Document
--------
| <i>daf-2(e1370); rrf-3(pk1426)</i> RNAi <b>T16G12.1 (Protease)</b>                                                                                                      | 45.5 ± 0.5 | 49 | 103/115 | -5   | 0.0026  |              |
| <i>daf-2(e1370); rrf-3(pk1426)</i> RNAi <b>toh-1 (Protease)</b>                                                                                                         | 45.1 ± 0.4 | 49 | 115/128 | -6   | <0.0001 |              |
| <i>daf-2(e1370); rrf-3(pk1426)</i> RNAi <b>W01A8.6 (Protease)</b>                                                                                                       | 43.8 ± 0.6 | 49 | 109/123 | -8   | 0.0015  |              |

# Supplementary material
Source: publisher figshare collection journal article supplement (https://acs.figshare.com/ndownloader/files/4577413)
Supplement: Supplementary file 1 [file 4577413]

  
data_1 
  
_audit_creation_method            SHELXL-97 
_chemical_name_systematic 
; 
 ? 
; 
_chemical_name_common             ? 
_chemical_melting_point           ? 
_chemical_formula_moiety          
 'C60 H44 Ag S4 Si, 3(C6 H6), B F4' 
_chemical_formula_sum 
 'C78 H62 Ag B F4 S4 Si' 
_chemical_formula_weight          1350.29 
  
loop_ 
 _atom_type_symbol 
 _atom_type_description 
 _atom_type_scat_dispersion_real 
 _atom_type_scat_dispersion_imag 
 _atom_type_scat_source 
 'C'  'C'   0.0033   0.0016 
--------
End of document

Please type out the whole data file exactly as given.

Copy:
| <i>daf-2(e1370); rrf-3(pk1426)</i> RNAi <b>T16G12.1 (Protease)</b>                                                                                                      | 45.5 ± 0.5 | 49 | 103/115 | -5   | 0.0026  |              |
| <i>daf-2(e1370); rrf-3(pk1426)</i> RNAi <b>toh-1 (Protease)</b>                                                                                                         | 45.1 ± 0.4 | 49 | 115/128 | -6   | <0.0001 |              |
| <i>daf-2(e1370); rrf-3(pk1426)</i> RNAi <b>W01A8.6 (Protease)</b>                                                                                                       | 43.8 ± 0.6 | 49 | 109/123 | -8   | 0.0015  |              |

# Supplementary material
Source: publisher figshare collection journal article supplement (https://acs.figshare.com/ndownloader/files/4577413)
Supplement: Supplementary file 1 [file 4577413]

  
data_1 
  
_audit_creation_method            SHELXL-97 
_chemical_name_systematic 
; 
 ? 
; 
_chemical_name_common             ? 
_chemical_melting_point           ? 
_chemical_formula_moiety          
 'C60 H44 Ag S4 Si, 3(C6 H6), B F4' 
_chemical_formula_sum 
 'C78 H62 Ag B F4 S4 Si' 
_chemical_formula_weight          1350.29 
  
loop_ 
 _atom_type_symbol 
 _atom_type_description 
 _atom_type_scat_dispersion_real 
 _atom_type_scat_dispersion_imag 
 _atom_type_scat_source 
 'C'  'C'   0.0033   0.0016 